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Apple DVD Studio Pro 3

DVD design, authoring and encoding suite
You'll notice also that the graphical view can be resized and zoomed and that the individual elements can be rearranged for easier comprehension. There are also some handy basic commands for the Graphical tab, such as "Zoom to Fit," "Lock Tile Locations" and various show/hide commands. There's also a "Macro" view of the Graphical tab for easy navigation and, of course, a whole suite of contextual menus for elements within the Graphical tab.

It's a great addition to the DVD Studio Pro workflow, one that I think was sorely missed in the 2.0 release.

Also new is enhanced copy/paste functionality. This might seem trivial to many of you, but it is so amazingly useful for scripting that it was difficult to understand why it wasn't there in 2.0. So now, instead of just being able to duplicate entire scripts, you can copy and paste individual command lines within a script or from one script to another. Uncharacteristically, there's not a contextual command for this, but you can use Command-C and Command-V for copying and pasting commands.

You can also now copy and paste buttons, drop zones and text (objects) within the Menu Editor from one menu to another, and you can copy and paste formatted text in the Subtitle Editor.

Finally, for those of you making the transition from iDVD, DVD Studio Pro 3 also includes improved iDVD project importing, including support for most of the features in iDVD 4, as well as the import of archived projects.

I don't have a whole lot to place in my standard "Disappointments" section for this review. I host DMN's always busy DVD Studio Pro forum, so I hear it all--questions, wishes, complaints. But the one complaint that I get consistently is about DVD Studio Pro's Simulator function, specifically that what you see in Simulator is not always what you get on your final, burned DVD. It's true, but it's a difficult complaint to address, just as I'm sure it's a difficult one for Apple's engineers to tackle. After all, there is simply no way to simulate the behavior of every generation of DVD players on the market, let alone simulate the quirks and performance of every brand on the market. There are, occasionally, some oddities that show up in Simulator that can worry the author--gaps and lags, sometimes artifacts in video--and these do require a build for proper testing. But, in general, I personally find Simulator to be an excellent approximation--and that's all it was ever designed to be--of the final product.

However, one area that I think could use improvement in Simulator is the simulation of audio. In Simulator, DTS audio can't be played at all. I've tried to think of an explanation for this, and I can't. Licensing issues, sure. But you don't have to license a DTS decoder to pass data though a port to an external decoder. After all, current Macintosh models all have optical audio ports, so presumably the application, as with Apple's DVD Player application, should be able to pass an encoded signal out through that port and let your receiver worry about decoding it.

Another disappointment is not in the application itself, but in missed opportunities. If you've been following along with my tutorials for DVD Studio Pro over the last year (11 of them so far), you're no doubt aware that this program has capabilities well beyond what you see in the interface. I'd simply like to see a front end attached to these capabilities so that you don't have to go through a runaround to access them. Motion masks for buttons would be an example of this. DVD Studio Pro's templates include buttons with motion masks; and, as I've shown, it's possible to create your own as well. But it's not easy. I'd like to see DVD Studio Pro offer the ability to drop a QuickTime file over a button and provide the option of using it as a mask and the ability to import motion files as masks.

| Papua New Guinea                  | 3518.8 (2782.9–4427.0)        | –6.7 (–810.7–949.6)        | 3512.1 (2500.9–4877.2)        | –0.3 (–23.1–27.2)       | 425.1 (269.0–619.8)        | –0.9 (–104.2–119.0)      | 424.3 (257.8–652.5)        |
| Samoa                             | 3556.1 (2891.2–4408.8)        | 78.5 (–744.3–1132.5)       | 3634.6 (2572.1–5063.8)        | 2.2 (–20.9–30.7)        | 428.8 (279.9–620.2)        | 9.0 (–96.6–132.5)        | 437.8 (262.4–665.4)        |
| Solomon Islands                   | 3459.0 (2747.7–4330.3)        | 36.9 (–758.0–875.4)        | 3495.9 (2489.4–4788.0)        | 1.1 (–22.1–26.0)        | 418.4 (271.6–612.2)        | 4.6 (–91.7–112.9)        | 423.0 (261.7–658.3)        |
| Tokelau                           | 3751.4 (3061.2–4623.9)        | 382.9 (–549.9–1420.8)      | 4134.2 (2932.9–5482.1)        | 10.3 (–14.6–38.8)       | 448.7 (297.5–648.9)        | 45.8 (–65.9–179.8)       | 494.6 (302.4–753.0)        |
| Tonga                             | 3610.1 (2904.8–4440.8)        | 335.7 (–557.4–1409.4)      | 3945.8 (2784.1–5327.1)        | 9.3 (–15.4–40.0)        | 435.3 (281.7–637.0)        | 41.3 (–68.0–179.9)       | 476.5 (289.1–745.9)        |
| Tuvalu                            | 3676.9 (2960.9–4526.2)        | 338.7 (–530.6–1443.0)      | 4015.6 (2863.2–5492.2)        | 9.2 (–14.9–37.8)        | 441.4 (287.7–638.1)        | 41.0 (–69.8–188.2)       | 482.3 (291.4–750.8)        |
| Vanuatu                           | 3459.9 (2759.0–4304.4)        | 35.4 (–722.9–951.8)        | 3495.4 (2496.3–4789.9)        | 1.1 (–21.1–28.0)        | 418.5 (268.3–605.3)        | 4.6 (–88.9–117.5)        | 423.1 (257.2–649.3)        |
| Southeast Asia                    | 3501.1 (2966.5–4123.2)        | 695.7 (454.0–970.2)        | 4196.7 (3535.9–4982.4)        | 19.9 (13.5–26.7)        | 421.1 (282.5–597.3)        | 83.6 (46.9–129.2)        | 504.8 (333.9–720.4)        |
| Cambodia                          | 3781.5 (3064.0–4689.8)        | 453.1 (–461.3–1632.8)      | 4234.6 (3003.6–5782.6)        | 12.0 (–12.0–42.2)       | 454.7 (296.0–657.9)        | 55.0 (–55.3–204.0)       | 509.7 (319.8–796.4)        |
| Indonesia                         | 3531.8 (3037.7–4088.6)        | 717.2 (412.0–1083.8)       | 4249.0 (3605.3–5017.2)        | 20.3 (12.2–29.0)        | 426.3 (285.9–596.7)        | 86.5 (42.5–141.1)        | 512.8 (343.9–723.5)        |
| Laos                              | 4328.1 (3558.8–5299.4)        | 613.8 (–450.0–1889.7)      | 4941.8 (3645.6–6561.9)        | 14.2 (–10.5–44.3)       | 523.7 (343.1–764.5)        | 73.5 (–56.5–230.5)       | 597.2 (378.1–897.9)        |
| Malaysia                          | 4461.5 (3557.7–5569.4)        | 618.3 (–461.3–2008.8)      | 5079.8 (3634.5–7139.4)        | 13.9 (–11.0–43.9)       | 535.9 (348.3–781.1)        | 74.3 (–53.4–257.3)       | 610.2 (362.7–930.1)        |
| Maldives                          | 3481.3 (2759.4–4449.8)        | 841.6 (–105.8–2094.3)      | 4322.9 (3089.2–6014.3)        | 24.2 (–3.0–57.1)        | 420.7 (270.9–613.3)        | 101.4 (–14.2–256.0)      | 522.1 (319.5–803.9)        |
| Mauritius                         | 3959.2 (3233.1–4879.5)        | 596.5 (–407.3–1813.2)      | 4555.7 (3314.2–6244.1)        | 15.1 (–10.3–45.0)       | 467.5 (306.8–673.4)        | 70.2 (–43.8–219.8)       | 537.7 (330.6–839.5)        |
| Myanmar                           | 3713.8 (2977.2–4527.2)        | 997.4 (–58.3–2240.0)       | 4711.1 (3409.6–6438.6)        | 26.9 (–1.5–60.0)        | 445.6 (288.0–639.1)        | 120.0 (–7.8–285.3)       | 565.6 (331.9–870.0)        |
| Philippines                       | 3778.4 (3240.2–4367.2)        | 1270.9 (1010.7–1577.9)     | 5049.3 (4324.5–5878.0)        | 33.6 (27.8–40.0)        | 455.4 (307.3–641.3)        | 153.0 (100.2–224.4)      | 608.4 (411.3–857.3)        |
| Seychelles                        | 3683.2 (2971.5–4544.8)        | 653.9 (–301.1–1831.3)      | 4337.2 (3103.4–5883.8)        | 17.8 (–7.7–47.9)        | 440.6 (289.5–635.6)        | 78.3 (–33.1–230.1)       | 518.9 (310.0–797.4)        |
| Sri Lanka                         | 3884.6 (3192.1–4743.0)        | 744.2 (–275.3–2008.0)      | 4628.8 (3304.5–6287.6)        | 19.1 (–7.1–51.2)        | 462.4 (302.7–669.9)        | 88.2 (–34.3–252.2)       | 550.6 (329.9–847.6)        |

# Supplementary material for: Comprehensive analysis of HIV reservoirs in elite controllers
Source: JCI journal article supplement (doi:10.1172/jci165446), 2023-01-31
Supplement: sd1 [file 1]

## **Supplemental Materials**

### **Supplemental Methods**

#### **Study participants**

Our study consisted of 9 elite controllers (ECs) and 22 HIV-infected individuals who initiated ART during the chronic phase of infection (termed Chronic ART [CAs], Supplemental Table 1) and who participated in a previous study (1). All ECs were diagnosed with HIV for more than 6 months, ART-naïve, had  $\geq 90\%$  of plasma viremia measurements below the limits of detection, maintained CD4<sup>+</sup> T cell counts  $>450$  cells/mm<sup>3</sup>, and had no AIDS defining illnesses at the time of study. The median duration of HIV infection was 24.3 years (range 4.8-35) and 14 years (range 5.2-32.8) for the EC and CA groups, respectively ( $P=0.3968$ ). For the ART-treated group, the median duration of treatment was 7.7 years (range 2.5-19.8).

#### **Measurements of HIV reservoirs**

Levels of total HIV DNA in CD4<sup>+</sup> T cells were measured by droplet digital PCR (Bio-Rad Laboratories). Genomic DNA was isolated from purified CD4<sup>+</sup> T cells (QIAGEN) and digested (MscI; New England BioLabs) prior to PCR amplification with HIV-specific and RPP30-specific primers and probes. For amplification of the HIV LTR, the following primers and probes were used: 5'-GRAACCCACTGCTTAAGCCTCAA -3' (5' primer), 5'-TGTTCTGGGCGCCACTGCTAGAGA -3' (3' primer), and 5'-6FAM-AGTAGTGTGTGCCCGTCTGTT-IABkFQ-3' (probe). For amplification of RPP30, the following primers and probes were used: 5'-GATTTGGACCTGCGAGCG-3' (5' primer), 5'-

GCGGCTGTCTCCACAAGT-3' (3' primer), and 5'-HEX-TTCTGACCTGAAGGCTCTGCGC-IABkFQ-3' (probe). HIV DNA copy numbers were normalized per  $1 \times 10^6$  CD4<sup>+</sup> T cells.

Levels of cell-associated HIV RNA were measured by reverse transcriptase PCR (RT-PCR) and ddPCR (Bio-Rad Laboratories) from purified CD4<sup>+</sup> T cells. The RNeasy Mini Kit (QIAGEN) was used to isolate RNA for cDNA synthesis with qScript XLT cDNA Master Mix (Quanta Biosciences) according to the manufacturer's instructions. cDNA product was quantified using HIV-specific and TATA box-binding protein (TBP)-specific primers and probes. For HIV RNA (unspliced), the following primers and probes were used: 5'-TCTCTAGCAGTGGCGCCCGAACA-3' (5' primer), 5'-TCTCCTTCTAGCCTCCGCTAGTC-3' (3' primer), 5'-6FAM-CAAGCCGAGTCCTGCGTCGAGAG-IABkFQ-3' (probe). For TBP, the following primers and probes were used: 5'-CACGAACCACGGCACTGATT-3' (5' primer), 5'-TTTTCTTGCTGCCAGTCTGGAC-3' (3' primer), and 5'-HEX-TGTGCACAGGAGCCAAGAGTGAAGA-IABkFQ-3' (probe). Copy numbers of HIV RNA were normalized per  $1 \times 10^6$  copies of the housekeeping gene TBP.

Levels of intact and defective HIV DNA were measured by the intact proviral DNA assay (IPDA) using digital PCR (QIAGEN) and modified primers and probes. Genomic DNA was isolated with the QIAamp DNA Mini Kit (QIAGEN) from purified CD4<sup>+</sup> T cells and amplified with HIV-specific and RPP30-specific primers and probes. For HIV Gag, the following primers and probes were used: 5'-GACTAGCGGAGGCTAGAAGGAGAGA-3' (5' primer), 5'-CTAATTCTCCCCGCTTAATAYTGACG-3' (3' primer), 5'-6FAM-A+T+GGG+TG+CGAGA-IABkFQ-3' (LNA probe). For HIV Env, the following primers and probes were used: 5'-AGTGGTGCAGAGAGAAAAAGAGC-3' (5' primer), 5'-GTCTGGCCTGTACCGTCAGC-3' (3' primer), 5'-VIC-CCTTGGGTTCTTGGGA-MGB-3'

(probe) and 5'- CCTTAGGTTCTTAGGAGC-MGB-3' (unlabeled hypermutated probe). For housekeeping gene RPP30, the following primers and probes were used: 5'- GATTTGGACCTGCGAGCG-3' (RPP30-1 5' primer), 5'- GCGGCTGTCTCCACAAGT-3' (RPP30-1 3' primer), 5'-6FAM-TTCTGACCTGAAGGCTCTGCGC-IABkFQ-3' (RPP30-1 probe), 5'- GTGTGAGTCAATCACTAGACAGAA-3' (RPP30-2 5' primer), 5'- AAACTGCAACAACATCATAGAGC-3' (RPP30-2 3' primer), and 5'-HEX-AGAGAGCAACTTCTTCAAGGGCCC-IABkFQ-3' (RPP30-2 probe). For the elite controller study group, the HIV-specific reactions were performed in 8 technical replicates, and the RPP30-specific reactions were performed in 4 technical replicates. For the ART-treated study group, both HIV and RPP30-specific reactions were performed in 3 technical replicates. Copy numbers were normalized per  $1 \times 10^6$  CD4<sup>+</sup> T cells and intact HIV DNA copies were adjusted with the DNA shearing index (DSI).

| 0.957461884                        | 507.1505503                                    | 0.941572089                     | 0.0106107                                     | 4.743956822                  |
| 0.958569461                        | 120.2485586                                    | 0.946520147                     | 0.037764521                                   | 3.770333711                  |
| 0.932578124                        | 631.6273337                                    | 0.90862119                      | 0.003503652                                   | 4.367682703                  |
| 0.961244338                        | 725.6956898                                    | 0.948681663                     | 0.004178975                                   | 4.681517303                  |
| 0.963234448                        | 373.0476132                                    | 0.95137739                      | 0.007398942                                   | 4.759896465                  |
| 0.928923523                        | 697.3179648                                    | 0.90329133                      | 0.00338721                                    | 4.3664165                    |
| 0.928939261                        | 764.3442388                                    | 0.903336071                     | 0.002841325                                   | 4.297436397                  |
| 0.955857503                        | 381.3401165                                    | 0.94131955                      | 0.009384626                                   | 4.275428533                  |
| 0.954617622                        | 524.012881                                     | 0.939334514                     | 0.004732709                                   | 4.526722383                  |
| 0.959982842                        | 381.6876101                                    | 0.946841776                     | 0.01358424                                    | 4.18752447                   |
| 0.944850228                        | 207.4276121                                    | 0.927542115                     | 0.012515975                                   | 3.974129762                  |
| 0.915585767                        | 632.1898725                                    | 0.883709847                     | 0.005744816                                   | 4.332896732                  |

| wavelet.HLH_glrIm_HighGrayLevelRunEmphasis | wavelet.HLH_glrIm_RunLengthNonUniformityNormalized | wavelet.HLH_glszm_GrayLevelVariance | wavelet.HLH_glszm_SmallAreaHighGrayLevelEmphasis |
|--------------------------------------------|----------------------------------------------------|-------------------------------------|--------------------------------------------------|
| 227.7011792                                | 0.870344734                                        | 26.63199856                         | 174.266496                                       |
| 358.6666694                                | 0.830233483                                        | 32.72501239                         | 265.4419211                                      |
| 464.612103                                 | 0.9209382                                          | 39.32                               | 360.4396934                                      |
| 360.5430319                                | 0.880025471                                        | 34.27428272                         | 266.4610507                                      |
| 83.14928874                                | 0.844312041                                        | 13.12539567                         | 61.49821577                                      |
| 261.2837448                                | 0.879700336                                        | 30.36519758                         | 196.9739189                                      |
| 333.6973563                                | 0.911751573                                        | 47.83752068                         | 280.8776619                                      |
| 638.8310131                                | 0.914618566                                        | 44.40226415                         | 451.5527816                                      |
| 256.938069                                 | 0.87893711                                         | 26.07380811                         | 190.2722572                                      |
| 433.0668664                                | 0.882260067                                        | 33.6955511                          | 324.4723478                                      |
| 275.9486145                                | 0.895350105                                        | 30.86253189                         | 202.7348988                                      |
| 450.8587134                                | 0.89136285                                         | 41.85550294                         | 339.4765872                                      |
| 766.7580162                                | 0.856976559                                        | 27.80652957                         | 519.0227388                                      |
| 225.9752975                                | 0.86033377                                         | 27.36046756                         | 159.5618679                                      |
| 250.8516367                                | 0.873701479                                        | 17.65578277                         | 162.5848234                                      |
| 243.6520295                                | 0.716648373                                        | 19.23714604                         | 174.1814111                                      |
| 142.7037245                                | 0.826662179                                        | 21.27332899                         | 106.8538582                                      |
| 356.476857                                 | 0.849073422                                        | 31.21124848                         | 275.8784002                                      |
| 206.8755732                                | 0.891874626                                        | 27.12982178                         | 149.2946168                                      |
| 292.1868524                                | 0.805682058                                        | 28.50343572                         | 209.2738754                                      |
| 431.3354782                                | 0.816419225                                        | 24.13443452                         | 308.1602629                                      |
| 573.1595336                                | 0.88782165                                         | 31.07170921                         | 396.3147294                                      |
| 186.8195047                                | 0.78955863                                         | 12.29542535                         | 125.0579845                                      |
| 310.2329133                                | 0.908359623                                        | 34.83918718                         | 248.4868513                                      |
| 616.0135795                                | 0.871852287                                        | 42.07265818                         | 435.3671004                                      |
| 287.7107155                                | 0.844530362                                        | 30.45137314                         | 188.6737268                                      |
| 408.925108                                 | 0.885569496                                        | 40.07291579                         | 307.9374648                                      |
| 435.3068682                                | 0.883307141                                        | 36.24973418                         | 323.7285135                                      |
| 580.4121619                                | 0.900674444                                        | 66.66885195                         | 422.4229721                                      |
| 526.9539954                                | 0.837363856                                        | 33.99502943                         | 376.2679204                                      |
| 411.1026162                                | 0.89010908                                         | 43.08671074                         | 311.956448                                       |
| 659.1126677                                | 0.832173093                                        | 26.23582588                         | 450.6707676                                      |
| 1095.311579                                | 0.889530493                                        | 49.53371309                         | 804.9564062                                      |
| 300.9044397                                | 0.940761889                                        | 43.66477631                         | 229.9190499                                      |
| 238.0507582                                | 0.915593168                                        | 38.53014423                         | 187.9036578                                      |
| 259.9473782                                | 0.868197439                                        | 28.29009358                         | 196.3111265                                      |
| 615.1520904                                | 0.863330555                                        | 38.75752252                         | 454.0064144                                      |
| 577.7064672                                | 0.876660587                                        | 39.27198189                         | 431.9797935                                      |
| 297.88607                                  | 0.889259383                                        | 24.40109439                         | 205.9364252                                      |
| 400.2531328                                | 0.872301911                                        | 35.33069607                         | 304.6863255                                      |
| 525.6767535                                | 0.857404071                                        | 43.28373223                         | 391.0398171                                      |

Finally, I think DVD Studio Pro should include a comprehensive guide to scripting, something truly usable by novices, with examples throughout the descriptions of the various scripting commands. And, just as a program like Macromedia Director provides a library of Behaviors, I think DVD Studio Pro should provide a library of common scripts in its browser palette that could be simply dragged onto an object in a project, which would then open the scripting dialog--again, like Director--allowing the user to set the particulars of the script in question.

The bottom line
Since version 2, DVD Studio Pro has been just an absolute pleasure to work with. Version 3 retains everything that version 2 had, but offers even more: DTS support, transitions, workflow improvements and other new features that make it just that much better. If you use DVD Studio Pro 2, version 3 will offer you no difficulties whatsoever in terms of learning curve, but you will benefit from its improvements. If you've never used DVD Studio Pro at all, version 3 is a great place to start. This is a completely professional tool with an excellent mix of high-end features and entry-level ease of use, well suited for a wide range of applications, from videography and client work to commercial authoring. And the price point, at $499,  is just unbelievable for software at this level. Once again it receives our "Must Buy" recommendation.

Apple DVD Studio Pro is available now for Mac OS X for $499 for the full version, $199 for upgrades from any previous version. For more information, visit

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